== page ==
Red Dot‘s survivalist vision isn’t consistently executed, but there’s enough here to suggest Darborg is worth watching.
There’s something appealingly primal about stranding movie characters in nature and then asking them to battle for their lives, be it against nature itself (Joe Carnahan’s The Grey), something supernatural (Bryan Bertino’s The Monster; J.D. Dillard’s Sweetheart), or against unknown, unseen human aggressors (any of the million variations on The Most Dangerous Game; Ti West’s Trigger Man, Jen McGowan’s Rust Creek). The most accomplished of the recent bunch is John Hyams’ Alone, a two-hander about a woman fleeing her kidnapper which succeeds largely due to Hyams’ remarkably assured, precise filmmaking. New Swedish survival-thriller Red Dot doesn’t reach the heights of some of the aforementioned films, but it’s a fairly accomplished entry in this admittedly narrow sub-genre. Director and co-writer Alain Darborg spends entirely too much time setting up his scenario, but once the film gets going, it becomes relentlessly harsh, boasting both a welcome mean streak and a no-frills aesthetic that captures the cruel indifference and implacable nature of the landscape. No one is safe here, and anything can happen.
After a brief, in medias res opening showing a beaten, bloodied David (Anastasios Soulis) and Nadja (Nanna Blondell) being held at gunpoint by an off-screen antagonist, Red Dot quickly flashes back to fill in their relationship. He’s a recent college grad, and after proposing to Nadja, they pack up and move to Stockholm so she can pursue a medical degree. But there’s trouble in paradise, and their relationship has quickly soured. They argue constantly: David works too much, and Nadja is sick of doing everything around the house herself. In an effort to patch things up, David arranges for a weekend getaway of hiking and camping under the Northern Lights. Along the way, they cross paths with a couple of racist hunters (Nadja is black, and doesn’t take kindly to the racially-motivated taunts), as well as some off-putting locals when they check into their accommodations. After some hiking and skiing, and a few hijinks as they struggle to set up their tent, they’re finally camped out under the stars, snuggling for warmth as snow gently falls outside. It’s a surprise when the eponymous red dot appears on the side of their tent, immediately shattering the serene atmosphere. Assuming it’s some kids messing around with a laser pointer, David and Nadja try to shoo them away. But it’s no game, and once shots ring out, David and Nadja must start running for their lives.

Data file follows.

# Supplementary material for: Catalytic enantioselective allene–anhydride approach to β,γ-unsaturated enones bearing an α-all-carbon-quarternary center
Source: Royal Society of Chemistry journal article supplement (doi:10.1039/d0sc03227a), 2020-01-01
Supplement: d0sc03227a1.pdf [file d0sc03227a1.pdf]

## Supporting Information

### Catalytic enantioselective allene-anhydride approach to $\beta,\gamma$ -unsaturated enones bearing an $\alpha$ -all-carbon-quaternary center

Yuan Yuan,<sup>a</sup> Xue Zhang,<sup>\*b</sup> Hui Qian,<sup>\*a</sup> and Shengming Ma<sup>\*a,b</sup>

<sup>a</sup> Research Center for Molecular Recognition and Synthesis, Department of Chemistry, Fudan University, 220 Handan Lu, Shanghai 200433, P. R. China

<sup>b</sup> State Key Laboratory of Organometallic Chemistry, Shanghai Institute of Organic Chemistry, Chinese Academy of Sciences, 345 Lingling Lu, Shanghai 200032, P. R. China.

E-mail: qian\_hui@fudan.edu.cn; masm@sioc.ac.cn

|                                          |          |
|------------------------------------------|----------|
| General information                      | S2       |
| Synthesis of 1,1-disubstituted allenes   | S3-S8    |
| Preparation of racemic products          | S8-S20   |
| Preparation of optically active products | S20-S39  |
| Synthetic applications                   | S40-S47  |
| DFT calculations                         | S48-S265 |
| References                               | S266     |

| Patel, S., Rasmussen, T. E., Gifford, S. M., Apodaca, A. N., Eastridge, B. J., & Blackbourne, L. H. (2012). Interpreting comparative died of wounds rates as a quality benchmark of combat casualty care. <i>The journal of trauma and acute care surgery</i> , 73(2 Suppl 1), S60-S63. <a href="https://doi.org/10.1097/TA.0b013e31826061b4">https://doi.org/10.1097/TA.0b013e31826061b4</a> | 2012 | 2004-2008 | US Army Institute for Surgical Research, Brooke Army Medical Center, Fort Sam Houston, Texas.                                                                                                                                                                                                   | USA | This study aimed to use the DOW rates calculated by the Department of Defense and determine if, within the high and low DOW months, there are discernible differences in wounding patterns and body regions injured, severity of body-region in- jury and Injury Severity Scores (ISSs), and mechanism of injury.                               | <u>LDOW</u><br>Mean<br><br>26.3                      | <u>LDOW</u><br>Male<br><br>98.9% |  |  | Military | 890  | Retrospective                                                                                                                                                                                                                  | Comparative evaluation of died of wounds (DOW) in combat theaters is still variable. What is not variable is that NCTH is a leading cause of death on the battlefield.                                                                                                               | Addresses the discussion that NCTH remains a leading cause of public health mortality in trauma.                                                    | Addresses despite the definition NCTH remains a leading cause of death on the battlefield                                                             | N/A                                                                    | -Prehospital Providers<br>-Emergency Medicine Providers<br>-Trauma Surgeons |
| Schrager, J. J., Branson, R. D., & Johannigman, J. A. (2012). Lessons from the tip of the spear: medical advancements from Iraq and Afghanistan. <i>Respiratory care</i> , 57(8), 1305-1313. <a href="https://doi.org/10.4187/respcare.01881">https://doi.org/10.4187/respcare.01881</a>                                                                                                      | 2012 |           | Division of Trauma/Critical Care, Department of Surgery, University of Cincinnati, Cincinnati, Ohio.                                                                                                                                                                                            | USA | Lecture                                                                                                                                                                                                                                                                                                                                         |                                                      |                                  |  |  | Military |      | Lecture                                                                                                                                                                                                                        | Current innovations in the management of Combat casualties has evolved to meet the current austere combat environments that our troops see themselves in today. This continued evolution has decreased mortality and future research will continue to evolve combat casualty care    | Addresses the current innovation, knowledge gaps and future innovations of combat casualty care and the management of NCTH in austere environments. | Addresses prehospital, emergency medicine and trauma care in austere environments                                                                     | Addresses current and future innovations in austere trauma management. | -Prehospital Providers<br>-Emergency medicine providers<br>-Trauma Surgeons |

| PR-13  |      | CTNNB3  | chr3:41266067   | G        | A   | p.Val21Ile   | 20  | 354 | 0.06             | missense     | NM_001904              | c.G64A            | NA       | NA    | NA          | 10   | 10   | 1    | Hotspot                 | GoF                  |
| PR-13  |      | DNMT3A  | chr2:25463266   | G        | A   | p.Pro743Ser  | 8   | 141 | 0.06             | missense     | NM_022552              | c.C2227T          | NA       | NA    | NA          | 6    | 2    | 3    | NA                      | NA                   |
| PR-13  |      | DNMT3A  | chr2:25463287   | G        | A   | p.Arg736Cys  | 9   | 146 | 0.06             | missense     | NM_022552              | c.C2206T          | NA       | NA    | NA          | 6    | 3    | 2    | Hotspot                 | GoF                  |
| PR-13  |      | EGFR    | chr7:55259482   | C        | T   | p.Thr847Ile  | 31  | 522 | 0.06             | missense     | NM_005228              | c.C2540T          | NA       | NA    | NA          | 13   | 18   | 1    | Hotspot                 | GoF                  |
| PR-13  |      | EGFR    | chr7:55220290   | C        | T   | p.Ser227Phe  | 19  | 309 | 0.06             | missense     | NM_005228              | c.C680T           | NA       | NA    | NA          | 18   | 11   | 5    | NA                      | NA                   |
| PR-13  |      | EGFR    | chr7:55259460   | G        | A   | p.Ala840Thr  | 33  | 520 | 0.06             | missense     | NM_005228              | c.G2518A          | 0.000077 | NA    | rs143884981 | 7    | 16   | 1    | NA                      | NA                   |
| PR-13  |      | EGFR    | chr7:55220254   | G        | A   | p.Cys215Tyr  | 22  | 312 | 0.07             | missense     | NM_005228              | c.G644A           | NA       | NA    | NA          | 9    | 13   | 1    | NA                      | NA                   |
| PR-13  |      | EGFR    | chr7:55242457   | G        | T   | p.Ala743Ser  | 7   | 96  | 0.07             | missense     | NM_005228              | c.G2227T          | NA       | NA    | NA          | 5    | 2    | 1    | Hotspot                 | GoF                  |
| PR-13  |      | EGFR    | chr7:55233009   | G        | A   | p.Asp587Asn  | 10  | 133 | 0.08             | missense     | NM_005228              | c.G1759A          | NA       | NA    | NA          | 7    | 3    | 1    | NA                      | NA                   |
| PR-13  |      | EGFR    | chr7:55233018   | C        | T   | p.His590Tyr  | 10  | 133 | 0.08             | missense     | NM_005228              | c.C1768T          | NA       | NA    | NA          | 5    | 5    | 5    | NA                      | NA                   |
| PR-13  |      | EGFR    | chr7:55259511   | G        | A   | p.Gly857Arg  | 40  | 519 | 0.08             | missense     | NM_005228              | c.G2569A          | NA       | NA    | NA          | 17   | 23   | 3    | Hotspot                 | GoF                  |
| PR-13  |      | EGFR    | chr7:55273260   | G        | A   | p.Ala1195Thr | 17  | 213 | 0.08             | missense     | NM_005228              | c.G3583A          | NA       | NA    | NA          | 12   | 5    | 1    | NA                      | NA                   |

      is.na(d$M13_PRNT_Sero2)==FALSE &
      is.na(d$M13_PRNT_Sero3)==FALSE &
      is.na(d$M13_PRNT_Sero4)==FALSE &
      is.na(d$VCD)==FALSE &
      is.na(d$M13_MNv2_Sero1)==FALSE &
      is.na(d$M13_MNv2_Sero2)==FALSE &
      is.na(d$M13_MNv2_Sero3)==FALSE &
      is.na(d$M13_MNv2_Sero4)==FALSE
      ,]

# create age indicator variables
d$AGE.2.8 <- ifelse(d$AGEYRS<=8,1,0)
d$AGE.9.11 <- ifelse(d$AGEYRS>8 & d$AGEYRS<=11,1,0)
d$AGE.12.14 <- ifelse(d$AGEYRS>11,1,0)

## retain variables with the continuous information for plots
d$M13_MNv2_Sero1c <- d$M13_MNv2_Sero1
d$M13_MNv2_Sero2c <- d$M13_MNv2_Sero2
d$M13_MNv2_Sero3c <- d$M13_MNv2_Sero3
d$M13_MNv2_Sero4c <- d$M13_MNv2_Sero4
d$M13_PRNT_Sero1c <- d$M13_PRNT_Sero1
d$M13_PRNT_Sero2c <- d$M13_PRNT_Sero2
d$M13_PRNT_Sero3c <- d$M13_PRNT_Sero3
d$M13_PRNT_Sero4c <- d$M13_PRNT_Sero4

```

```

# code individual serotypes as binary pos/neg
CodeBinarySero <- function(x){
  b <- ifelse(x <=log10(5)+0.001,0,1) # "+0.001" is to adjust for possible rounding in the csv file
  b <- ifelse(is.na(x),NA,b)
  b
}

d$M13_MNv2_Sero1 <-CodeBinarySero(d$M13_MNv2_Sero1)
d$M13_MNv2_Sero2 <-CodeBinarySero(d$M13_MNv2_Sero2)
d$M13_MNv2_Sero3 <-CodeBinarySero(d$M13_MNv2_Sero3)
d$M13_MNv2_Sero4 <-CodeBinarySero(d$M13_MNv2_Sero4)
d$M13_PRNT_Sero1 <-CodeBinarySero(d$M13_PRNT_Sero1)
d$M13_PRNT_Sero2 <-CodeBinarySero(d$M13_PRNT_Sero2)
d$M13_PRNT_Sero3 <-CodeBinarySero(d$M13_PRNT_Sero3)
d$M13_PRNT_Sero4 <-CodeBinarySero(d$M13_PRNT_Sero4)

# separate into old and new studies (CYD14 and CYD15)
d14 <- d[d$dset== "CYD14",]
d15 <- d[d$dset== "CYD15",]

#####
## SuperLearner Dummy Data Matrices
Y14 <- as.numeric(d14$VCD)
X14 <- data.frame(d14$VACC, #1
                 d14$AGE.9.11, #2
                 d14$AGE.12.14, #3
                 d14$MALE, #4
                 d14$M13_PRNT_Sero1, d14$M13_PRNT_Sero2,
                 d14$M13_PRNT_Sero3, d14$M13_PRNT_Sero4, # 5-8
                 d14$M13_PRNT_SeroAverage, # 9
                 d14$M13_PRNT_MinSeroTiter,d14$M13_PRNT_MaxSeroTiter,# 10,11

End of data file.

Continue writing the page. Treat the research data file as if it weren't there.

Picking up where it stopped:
Darborg and cinematographer Benjam Orre recognize both the beauty of this remote, snowy mountain top as well as how quickly that calm tranquility can morph into total, threatening isolation; these wide-open spaces that once reflected a certain freedom now offer nowhere to hide. David and Nadja crawl through snow and run through wooded thickets to avoid the shooter (or shooters), and David is wounded repeatedly. The couple occasionally glimpse shrouded figures in the distance and assume that it’s the hunters come to take revenge on them for a previous altercation, but the filmmakers hold off on revealing the gunmen and their motives for much of the movie’s runtime. Indeed, the ultimate revelation of who’s targeted them, and why, lands with a thud, and involves some elaborate flashbacks detailing plot points that feel forced. Still, as is the case with the best of these types of thrillers, our protagonists’ character is revealed not through exposition or pat psychology, but through action. Nadja is willful and aggressive, the evident dominant force in the relationship. David is more prone to wilt and run, and once he’s sustained injuries, is quick to give up. Darborg engineers some solid set pieces, including a nail-biting moment where our couple find themselves running across an iced-over lake that can’t support their weight. Red Dot eventually loses the thread, jettisoning procedural detail and its keen observation of survival instincts for a belabored exposition dump that introduces questions of morality that it’s not entirely prepared to engage. Not for nothing, though, there’s a solid 45 minutes here that are pure cinema, all harried movement and sweaty desperation, and on the strength of that stretch, it’s safe to say Darborg is a talent to watch.
You can currently stream Alain Darborg’s Red Dot on Netflix.